1  
Reply Sun 18 May, 2003 08:13 pm
The result is a resounding victory for the ruling "purple" government of liberals and socialists, by the way. In 1999, the Christian Democrats were removed from a long-standing hold on power and replaced by a government of liberals (who are considered right-wing here), socialists and greens.

The government attracted an unusual degree of international attention with its sharply worded position against the war in Iraq. It does not appear to have done the parties involved any harm.

Though the Green vote did collapse Belgium-wide, the Socialist and Liberal gains more than made up for it. The (Wallonian liberal) party of foreign minister Louis Michel, for example, gained 4% and as many seats.

Liberals and Socialists now will have a majority in parliament by themselves, and are thus likely to continue the "purple" experiment, sans Greens.

Overall scores (total seats = 150):

Socialists
28%, +8%
; 49 seats (+16)
(Wallonia 36%, +7; Flanders 24%, +9)

Liberals
27%, +2%
; 47 seats (+6)
(Wallonia 28%, +4; Flanders 24%, +2)

Christian Democrats
19%, -1%
; 29 seats (-3)
(Wallonia 15%, -2; Flanders 21%, -1)

Flemish Block & Front National
12%, +2%
; 19 seats (+2)
(Wallonia 6%, +2; Flanders 18%, +3)

Greens
6%, -9%
; 5 seats (-15)
(Wallonia 8%, -11; Flanders 4%, -7)

New Flemish Alliance
3%
, 1 seat (+1)
(Flanders 5%, +5)
0 Replies
 
Walter Hinteler
 
  1  
Reply Sun 18 May, 2003 11:37 pm
I know about the Belgium system, nimh - 12% didn't look so terrifying, I thought. :wink:
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blatham
 
  1  
Reply Mon 19 May, 2003 07:28 am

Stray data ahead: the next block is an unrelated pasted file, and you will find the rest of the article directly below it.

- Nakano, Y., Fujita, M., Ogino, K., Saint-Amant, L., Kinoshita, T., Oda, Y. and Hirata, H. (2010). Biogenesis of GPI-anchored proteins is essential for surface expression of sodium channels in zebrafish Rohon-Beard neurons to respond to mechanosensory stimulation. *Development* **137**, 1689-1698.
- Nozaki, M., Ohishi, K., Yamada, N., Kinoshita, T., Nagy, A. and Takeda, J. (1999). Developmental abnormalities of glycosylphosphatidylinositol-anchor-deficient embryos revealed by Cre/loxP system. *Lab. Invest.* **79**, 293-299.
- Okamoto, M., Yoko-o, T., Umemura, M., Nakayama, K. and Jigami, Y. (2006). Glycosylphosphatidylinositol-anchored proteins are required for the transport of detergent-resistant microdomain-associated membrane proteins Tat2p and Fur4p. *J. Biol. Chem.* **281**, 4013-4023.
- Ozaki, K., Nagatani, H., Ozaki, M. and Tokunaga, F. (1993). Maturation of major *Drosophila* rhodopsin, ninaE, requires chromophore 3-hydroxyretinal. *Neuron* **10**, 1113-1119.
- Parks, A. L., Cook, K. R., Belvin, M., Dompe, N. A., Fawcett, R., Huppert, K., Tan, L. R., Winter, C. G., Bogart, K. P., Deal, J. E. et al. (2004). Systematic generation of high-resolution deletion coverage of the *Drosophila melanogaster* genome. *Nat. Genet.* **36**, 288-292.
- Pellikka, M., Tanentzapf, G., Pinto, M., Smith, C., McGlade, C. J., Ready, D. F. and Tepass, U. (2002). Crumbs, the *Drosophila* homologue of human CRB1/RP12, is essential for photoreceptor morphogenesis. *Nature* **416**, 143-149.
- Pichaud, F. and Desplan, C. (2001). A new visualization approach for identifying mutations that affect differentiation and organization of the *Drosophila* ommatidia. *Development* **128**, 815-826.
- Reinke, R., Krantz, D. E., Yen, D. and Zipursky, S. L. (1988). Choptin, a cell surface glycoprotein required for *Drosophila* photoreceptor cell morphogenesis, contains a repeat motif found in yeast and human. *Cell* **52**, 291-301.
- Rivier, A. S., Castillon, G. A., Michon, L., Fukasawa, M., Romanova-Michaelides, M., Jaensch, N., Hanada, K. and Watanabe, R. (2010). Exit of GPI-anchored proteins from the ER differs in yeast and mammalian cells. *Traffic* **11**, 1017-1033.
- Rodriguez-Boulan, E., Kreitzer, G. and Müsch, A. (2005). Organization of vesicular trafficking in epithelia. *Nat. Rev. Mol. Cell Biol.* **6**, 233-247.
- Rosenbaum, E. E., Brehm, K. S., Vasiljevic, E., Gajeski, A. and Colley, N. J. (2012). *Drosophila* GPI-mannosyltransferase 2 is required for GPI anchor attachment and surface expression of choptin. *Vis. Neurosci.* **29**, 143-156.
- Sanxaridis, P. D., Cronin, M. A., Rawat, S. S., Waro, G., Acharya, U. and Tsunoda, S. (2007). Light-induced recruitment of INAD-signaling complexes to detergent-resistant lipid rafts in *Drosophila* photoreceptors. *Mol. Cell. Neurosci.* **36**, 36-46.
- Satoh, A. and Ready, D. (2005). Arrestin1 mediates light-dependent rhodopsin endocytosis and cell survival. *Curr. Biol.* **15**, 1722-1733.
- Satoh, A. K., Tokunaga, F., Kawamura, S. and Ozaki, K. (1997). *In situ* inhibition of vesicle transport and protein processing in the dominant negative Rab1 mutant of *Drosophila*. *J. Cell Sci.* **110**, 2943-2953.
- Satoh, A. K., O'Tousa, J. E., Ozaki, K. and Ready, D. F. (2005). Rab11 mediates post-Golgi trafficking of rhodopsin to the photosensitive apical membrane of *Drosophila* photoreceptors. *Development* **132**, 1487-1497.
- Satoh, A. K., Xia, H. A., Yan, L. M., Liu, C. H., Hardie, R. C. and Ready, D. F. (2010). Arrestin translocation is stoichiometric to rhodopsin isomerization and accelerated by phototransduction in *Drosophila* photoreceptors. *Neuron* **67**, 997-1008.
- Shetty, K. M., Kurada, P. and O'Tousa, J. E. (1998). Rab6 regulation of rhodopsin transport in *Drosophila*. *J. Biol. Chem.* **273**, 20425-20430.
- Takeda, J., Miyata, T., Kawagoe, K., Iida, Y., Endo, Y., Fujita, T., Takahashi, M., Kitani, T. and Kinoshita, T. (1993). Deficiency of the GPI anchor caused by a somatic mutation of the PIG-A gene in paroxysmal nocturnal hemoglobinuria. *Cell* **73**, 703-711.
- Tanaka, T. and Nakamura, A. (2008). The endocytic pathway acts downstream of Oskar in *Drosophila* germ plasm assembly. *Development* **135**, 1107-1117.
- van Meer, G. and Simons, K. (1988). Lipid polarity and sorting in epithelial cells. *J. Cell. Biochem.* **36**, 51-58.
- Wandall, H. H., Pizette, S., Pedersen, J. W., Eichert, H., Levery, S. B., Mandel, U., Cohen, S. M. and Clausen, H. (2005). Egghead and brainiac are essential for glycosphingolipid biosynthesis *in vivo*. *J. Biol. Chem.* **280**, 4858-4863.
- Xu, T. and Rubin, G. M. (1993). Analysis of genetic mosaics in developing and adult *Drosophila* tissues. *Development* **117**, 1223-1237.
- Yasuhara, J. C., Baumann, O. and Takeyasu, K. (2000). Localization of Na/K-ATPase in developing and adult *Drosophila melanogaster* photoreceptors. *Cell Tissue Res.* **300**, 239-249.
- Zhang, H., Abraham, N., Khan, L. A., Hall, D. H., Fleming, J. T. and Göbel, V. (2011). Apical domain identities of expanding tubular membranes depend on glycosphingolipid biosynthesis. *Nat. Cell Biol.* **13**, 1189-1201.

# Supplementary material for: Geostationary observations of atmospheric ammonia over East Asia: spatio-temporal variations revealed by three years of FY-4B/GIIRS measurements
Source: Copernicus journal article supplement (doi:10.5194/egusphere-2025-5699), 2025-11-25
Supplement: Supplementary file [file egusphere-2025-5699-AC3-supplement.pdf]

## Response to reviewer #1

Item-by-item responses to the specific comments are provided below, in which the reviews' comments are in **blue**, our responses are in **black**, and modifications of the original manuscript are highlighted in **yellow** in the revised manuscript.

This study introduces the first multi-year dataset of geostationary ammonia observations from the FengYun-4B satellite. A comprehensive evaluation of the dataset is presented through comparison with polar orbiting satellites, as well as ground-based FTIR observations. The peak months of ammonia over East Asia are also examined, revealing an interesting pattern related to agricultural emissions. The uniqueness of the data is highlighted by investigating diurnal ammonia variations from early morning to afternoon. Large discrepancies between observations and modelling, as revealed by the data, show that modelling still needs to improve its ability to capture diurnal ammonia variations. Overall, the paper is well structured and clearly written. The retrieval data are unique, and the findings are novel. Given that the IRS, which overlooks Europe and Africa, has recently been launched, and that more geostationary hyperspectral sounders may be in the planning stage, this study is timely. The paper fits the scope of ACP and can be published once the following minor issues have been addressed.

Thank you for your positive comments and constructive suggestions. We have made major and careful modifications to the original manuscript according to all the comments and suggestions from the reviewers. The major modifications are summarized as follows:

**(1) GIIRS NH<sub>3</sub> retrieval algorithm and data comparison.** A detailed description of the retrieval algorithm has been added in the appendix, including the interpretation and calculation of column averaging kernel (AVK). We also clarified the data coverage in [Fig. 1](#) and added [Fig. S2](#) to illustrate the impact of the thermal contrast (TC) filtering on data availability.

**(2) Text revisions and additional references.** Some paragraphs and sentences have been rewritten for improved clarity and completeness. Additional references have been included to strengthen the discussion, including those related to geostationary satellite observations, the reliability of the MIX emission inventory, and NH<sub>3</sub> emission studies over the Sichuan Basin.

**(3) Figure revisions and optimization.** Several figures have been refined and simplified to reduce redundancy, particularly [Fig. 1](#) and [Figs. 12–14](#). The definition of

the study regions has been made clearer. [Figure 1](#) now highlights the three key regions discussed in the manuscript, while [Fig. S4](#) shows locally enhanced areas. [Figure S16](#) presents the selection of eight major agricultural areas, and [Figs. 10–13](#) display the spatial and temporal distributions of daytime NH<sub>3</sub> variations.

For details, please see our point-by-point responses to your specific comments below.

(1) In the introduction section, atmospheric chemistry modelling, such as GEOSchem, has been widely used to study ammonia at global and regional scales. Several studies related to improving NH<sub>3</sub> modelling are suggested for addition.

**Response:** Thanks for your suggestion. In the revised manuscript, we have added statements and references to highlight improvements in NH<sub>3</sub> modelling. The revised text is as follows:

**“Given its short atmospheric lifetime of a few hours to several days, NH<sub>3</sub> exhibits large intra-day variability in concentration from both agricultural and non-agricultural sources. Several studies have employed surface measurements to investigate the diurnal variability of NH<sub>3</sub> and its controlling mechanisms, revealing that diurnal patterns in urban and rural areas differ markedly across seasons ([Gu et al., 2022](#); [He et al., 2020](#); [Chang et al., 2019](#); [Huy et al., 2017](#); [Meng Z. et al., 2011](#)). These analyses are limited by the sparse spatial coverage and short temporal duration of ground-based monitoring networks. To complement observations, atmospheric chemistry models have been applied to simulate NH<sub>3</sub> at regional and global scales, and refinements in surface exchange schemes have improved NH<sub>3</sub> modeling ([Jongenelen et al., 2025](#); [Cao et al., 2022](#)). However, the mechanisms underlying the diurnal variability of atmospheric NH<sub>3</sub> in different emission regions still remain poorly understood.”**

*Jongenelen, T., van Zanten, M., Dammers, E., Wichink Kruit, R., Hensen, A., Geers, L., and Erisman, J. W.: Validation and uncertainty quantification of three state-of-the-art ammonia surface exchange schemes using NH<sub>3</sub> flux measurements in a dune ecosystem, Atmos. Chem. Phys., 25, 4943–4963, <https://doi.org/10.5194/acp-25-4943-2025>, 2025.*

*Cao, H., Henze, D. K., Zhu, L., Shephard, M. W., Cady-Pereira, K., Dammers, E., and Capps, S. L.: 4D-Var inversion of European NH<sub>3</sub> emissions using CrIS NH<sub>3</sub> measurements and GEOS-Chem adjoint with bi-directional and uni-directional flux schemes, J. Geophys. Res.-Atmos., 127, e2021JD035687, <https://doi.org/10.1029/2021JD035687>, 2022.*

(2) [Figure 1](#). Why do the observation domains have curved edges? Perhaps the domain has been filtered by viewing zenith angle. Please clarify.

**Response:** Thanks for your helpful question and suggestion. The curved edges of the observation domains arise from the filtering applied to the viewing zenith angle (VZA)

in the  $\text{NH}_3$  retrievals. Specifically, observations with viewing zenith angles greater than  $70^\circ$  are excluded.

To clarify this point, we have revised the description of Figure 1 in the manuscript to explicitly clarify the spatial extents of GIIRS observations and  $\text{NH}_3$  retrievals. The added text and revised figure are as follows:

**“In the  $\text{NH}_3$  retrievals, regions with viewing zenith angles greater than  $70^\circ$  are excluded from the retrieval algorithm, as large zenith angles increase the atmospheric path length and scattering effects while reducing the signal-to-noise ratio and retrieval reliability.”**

nimh and walter

That's a significant downturn for the greens. Are such losses being seen elsewhere in Europe as well?
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Walter Hinteler
 
  1  
Reply Mon 19 May, 2003 07:48 am
No, not in that number.
(Besides, only in Germany the Greens have such a strong position.)
0 Replies
 
nimh
 
  1  
Reply Mon 19 May, 2003 01:50 pm
No, Blatham, it's pretty country-specific. Few things to consider here.

(1) Remember, they were in government, alongside the socialists and liberals (that's right-wing, as in: free-market, here). Greens don't often get into government and one would expect them to get into trouble more quickly than other parties when they do. After all, both politicians and voters of the Greens tend to be of the principled, activist kind, and are more likely to have a hard time coping with the necessary business of compromise in government. The German Greens had also suffered greatly in the polls during Schroeder-I - they just recovered in time. And this was a pretty 'broad' government, that required more compromise than the Red-Green government in Germany or the government of the "gauche plurielle" in France (had) involved.

Apparently (we don't really follow Belgian news here outside election times) there were indeed a few 'loud' episodes in the government. Consequently, in the campaign the other parties made much about the resulting image of the Greens as unrealistic 'troublemakers'.